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College Preparedness

5 Tips to Help You Plan for Paying for College

The end of the school year is quickly approaching. But the excitement of summer break may be overshadowed by a more pressing question: How will I pay for college next year?

Justin Draeger

President & CEO, National Association of Student Financial Aid Administrators (NASFAA)

Justin Draeger serves as the primary voice of NASFAA and as the liaison between the association members, the U.S. Congress, federal agencies, and the media. Most of Justin’s career has been devoted to assisting disadvantaged populations achieve their educational goals and better their communities.

The outlook on financial aid and college enrollment has been challenging this year. The rollout of the new FAFSA has been riddled with errors and delays, and many are still waiting for information on how much financial aid they’ll receive. But in the meantime, students can still take steps to plan for their expenses in the year ahead. 

Create a budget

Start by calculating your monthly income and expenses. Once you receive your financial aid offer, you can use that as a guide to help determine how much you’ll spend each month on educational expenses, plus living expenses like rent, food, and transportation.

Make sure to track your spending along the way to help you stick to your budget, avoid unnecessary expenses, and try to identify areas where you can cut costs. 

Save for emergencies

Even a few hundred dollars in unexpected expenses — for things like a car repair, a medical bill, or rent increases — can throw a wrench in many students’ educational plans. When possible, try to set aside some money each month in case of emergencies, and investigate whether your school has an emergency financial aid program that you can access.

Still, even the best laid plans cannot forestall every emergency. If an unplanned emergency does strike, be sure to check in with your financial aid office to find out about any last-minute emergency grants for extenuating circumstances.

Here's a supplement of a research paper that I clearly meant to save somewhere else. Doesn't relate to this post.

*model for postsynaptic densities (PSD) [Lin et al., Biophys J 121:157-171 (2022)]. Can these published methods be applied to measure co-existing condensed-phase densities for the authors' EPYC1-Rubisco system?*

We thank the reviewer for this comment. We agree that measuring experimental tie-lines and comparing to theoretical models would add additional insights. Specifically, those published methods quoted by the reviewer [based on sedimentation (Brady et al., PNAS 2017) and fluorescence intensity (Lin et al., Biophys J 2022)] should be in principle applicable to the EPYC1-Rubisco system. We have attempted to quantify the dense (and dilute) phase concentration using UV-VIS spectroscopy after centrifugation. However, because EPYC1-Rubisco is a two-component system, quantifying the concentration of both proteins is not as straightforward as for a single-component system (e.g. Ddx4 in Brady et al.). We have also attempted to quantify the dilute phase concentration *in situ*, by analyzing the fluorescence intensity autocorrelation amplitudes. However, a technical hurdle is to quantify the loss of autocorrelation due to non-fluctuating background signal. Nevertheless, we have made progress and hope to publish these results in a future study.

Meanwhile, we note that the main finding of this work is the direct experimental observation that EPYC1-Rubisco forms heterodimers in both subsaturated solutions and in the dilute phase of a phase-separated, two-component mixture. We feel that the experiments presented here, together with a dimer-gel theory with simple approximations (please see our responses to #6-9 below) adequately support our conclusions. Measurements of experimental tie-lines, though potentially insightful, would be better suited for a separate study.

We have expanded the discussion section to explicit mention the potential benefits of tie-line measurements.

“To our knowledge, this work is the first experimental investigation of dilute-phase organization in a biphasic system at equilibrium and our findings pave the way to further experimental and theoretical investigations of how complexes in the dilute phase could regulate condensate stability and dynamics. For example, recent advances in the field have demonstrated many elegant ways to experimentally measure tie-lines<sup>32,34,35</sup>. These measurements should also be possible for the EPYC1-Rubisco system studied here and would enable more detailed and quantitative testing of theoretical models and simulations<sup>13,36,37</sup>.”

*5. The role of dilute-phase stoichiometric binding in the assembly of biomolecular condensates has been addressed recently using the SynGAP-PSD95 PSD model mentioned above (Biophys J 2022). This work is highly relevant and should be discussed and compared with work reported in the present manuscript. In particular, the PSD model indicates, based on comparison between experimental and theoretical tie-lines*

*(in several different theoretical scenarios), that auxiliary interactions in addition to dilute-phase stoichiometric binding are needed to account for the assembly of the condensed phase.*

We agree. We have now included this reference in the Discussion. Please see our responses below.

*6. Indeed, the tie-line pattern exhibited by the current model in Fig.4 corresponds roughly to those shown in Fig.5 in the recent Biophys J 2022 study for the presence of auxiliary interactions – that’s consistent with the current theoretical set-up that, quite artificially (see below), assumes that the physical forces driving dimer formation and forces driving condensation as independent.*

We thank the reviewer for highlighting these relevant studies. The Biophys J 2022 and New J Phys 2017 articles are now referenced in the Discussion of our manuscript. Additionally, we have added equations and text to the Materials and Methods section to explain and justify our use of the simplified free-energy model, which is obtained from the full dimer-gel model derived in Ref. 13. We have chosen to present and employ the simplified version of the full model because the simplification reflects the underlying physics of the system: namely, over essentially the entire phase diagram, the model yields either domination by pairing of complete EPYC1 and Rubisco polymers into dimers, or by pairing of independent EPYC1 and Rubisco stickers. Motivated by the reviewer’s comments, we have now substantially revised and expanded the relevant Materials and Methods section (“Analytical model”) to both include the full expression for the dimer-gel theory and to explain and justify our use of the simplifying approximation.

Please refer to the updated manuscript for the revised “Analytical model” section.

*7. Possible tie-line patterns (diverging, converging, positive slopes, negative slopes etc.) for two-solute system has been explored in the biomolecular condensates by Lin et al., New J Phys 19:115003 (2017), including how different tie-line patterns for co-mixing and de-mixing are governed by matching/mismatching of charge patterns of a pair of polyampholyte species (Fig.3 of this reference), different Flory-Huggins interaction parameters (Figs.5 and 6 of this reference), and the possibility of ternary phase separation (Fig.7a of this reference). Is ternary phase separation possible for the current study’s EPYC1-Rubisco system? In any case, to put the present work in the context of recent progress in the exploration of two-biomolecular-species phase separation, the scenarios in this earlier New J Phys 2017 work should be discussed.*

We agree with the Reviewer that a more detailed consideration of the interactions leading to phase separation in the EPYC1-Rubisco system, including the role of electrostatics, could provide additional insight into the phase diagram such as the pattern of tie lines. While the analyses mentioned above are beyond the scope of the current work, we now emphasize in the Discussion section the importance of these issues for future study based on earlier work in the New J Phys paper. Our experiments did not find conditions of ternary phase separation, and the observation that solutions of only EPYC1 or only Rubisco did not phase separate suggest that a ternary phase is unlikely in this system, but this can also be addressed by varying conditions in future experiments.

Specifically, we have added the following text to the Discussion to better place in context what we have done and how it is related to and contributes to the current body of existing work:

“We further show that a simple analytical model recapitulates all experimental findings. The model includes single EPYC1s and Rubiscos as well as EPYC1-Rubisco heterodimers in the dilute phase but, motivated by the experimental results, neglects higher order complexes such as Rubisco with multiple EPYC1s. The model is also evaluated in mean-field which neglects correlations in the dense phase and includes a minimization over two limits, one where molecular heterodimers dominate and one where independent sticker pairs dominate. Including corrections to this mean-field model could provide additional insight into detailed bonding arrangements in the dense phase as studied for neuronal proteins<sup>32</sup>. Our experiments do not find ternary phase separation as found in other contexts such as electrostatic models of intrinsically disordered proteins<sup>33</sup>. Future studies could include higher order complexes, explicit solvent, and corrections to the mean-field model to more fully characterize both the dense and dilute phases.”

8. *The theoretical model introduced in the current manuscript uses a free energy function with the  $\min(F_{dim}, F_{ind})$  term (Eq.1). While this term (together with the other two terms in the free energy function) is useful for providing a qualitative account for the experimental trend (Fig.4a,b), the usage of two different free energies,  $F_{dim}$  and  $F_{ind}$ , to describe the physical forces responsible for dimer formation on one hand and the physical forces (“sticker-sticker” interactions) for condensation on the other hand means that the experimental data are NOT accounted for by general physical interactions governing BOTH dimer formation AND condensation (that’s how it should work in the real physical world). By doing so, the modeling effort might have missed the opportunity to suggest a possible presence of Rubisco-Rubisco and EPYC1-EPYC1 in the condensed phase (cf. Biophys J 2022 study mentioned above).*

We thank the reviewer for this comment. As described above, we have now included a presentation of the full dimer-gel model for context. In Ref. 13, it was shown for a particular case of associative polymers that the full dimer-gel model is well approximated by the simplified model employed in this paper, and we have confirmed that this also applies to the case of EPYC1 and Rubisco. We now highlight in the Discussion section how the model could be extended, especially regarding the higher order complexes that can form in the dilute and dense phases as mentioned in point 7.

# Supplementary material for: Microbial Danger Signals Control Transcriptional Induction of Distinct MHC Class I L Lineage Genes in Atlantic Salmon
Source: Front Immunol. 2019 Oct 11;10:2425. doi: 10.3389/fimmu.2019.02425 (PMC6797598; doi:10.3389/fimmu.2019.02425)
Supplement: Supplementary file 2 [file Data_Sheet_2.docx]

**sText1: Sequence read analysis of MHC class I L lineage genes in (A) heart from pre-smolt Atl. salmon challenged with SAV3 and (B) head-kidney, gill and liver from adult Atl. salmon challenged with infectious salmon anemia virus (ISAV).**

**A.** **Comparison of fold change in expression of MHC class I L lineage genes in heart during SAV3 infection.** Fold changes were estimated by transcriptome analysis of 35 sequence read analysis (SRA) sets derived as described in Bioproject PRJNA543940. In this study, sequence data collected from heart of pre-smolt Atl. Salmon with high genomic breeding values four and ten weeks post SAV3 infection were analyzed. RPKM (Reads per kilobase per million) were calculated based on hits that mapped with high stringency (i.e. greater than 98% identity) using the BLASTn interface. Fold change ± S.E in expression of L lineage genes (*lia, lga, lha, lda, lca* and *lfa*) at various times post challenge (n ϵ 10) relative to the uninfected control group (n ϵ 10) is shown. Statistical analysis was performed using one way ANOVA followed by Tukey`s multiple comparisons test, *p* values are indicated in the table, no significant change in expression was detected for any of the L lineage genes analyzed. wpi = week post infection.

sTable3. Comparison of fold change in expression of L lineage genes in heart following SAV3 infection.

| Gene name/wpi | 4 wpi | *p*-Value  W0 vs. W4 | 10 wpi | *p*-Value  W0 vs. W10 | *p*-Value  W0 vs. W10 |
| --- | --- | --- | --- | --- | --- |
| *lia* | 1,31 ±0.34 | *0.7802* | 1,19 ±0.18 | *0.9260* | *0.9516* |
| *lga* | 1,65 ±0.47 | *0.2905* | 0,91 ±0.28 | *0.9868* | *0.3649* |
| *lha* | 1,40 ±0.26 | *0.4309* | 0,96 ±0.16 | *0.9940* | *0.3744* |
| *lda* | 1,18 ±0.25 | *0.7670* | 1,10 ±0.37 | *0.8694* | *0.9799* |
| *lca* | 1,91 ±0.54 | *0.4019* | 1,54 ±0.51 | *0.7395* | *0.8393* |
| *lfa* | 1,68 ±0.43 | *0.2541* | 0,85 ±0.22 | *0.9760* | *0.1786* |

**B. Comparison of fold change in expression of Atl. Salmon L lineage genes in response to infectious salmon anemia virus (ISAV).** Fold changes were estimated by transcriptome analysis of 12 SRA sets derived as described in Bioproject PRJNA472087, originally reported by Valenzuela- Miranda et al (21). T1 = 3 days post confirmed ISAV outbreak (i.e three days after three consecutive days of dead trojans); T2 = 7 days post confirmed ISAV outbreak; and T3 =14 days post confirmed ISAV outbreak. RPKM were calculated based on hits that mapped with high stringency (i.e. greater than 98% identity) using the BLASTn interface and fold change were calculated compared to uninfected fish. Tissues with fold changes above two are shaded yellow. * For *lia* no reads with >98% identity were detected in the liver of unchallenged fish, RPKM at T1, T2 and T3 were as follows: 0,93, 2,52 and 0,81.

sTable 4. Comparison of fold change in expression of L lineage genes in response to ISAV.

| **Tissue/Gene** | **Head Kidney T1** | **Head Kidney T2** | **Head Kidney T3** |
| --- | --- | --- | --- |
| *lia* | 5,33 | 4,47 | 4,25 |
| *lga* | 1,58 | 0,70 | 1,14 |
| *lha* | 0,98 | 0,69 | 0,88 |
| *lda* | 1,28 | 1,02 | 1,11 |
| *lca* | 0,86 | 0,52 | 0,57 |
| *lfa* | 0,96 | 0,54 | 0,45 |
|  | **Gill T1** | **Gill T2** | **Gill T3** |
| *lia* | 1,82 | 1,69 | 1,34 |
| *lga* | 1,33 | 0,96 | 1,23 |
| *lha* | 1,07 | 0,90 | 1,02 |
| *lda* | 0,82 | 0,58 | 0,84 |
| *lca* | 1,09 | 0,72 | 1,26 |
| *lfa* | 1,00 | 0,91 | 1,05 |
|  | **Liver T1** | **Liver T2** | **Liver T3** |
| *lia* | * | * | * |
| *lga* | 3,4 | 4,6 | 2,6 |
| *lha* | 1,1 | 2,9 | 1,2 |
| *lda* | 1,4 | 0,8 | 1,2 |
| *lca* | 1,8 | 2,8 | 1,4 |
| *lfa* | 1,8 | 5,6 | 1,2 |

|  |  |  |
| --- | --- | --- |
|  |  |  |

Work while studying

At some point in the past, it may have been possible to work one’s way through college. Today, working part-time and attending college isn’t likely to cover all your expenses, but work-study can be a helpful way to defray some of the ongoing costs of attending school.

Work-study jobs offer part-time work to needy students on and off campus, and are usually part of a school’s financial aid offer. They can be a great way to integrate oneself into the campus and pick up some money along the way. 

Minimize borrowing and plan ahead

If possible, avoid taking on debt. If you must take on debt, be aware of interest rates, and make sure payments fit your budget. Once you enter student loan repayment, you can set yourself up for success by picking the repayment plan that’s best for you to avoid falling into default.

Borrowers start out on a standard 10-year repayment plan after a six-month grace period, but if that’s too much to handle, there are other repayment plans based on your income that can keep payments affordable. 

Stay informed

Learn about personal finance and investing so you can make informed decisions about your money. Take advantage of financial literacy resources offered by your college or university, such as workshops, counseling services, and online resources, usually offered for free. Don’t be afraid to ask your financial aid or student services office for help navigating different financial situations.

Figuring out how to pay for college can be daunting for both new and returning students — after all, it’s one of the most significant financial investments many will make in their lifetime. But by starting early, exploring all available options, and staying informed throughout your journey, you can pave the way for a financially sustainable future. 

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